With these lessons in mind and with so many connections made between these future lawyers and mentors, and maybe even future colleagues, we can’t wait to see where this collaboration goes from here.
To learn more about the Prosecutors’ Committee please click here. To learn more about the Student Outreach Committee please click here.
On July 28, 2022, AABANY hosted its first-ever Membership Open House at King & Spalding LLP. With over 50 attendees, the Membership Open House gave new and prospective members the opportunity to speak with Board Members and Committee Chairs to learn about the work AABANY does and how new and prospective members can get involved.
Membership Director Christopher Bae in his introductory remarks welcomed attendees and thanked Board Members and Committee Chairs for coming. Former AABANY President Andy Hahn (2004) then highlighted the importance of getting involved with an organization like AABANY.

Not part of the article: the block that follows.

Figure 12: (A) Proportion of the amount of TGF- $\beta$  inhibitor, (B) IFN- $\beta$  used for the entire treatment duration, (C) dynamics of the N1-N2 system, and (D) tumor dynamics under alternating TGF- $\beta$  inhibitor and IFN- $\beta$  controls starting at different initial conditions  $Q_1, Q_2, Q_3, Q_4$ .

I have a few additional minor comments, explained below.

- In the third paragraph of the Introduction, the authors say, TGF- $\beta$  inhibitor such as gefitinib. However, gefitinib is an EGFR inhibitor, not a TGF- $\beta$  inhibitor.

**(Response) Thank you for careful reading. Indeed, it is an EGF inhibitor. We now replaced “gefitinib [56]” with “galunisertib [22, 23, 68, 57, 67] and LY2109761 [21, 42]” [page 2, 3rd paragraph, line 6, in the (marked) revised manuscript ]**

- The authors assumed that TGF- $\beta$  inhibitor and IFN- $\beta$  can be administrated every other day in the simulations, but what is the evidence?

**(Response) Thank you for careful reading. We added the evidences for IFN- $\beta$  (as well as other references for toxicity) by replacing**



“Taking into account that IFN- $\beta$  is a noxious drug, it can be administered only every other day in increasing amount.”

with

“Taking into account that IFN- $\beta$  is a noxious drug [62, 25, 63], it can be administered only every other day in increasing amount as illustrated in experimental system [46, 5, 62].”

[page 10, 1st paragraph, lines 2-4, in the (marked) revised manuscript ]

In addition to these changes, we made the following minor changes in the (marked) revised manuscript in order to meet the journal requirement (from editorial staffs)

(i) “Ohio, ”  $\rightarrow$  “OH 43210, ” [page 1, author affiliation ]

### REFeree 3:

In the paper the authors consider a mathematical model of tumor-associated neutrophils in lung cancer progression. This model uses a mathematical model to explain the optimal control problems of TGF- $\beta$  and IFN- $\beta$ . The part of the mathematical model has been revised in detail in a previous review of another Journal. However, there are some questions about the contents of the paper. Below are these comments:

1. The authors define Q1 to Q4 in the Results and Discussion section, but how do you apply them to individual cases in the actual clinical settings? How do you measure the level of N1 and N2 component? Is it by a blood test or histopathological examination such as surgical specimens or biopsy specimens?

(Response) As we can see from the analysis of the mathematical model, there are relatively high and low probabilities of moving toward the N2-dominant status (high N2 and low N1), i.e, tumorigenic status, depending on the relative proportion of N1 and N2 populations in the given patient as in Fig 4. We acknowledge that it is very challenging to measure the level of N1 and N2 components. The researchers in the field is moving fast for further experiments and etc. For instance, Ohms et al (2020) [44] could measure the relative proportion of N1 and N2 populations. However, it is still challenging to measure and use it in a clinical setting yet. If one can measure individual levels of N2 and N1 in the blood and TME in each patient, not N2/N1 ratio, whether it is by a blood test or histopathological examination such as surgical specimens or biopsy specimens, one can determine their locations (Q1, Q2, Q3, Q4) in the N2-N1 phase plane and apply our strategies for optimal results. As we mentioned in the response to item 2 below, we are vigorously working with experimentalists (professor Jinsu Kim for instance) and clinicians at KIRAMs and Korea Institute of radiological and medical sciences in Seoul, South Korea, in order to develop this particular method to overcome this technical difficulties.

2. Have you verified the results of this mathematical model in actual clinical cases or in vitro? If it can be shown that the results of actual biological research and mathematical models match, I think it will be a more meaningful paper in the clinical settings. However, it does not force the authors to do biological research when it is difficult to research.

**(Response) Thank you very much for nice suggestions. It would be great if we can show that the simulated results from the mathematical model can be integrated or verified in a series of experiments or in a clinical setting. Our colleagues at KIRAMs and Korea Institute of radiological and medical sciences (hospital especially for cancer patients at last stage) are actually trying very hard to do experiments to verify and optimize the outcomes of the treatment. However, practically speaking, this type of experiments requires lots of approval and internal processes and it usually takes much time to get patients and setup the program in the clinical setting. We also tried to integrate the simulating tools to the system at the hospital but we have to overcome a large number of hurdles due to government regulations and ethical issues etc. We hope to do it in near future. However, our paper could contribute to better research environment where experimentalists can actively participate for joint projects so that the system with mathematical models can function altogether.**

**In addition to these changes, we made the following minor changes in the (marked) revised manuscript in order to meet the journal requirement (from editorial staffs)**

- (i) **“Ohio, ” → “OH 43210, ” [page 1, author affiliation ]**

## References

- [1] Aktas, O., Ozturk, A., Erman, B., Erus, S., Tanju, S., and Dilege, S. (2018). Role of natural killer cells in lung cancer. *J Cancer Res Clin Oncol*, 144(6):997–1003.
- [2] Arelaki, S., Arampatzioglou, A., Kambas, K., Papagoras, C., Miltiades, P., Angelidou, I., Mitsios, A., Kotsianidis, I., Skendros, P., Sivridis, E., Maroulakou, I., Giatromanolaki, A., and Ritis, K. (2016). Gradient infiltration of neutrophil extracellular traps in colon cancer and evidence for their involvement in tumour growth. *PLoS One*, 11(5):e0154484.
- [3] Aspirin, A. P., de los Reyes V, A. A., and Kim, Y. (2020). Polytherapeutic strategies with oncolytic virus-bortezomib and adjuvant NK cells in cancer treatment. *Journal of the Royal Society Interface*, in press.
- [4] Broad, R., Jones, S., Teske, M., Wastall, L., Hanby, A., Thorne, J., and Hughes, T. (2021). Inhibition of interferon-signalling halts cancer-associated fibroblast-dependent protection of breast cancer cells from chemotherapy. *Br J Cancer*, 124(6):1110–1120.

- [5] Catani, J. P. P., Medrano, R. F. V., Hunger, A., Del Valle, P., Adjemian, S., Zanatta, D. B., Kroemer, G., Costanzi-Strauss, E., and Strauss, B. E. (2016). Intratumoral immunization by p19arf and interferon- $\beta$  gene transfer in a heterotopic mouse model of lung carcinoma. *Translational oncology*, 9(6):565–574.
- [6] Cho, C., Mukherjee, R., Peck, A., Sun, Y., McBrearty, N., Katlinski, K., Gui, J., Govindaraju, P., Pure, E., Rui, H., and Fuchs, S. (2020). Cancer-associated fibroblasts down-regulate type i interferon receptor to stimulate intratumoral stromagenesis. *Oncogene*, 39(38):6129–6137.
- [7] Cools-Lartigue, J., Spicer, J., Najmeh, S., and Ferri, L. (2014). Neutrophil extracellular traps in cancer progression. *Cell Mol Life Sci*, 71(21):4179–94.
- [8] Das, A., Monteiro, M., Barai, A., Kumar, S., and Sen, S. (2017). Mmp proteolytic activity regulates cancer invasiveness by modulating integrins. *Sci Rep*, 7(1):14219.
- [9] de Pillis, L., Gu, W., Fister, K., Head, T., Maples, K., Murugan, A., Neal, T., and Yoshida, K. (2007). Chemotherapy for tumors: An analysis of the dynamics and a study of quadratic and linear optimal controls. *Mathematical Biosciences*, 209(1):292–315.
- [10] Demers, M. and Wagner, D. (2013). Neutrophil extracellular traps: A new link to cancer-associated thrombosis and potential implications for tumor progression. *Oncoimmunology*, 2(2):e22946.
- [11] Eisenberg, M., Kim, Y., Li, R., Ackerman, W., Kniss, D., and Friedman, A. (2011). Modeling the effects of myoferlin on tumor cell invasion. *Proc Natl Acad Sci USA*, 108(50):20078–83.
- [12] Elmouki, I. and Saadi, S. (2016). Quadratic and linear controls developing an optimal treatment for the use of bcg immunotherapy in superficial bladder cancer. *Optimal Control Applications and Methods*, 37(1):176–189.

This AABANY Membership Open House spotlighted the Young Lawyers Committee, the Litigation Committee, and the Prosecutors Committee. Jasmine Chean from the Young Lawyers Committee, Lois Ahn from the Litigation Committee, and David Hsin-Tai Chiang from the Prosecutors Committee each spoke on why members should get involved with their committees.
Attendees were encouraged to network, enjoy food and drinks, and meet with the chairs of 23 committees that were present at the Open House. New and recent members were given the opportunity to participate in a raffle where two winners won either a Zoom or coffee meet-and-greet with former AABANY Presidents Andy Hahn (2004) or Brian Song (2019). Congratulations to Tian Chi Ma who won the raffle to meet Andy and to Stephanie Lu who won the raffle to meet Brian.
Thank you to King & Spalding LLP for hosting AABANY’s Membership Open House, and thank you to former AABANY Presidents Andy Hahn and Brian Song for volunteering for the new member raffle! Thank you to Co-Vice Presidents of Programs & Operations Joseph Eng, Jr. and Beatrice Leong, and Membership Director Christopher Bae for putting together this successful event!
We look forward to seeing everyone at the next Open House in October. In the meantime, if you have any questions about how to get more involved in AABANY and maximize your membership experience, feel free to reach out to the Membership Committee at firstname.lastname@example.org.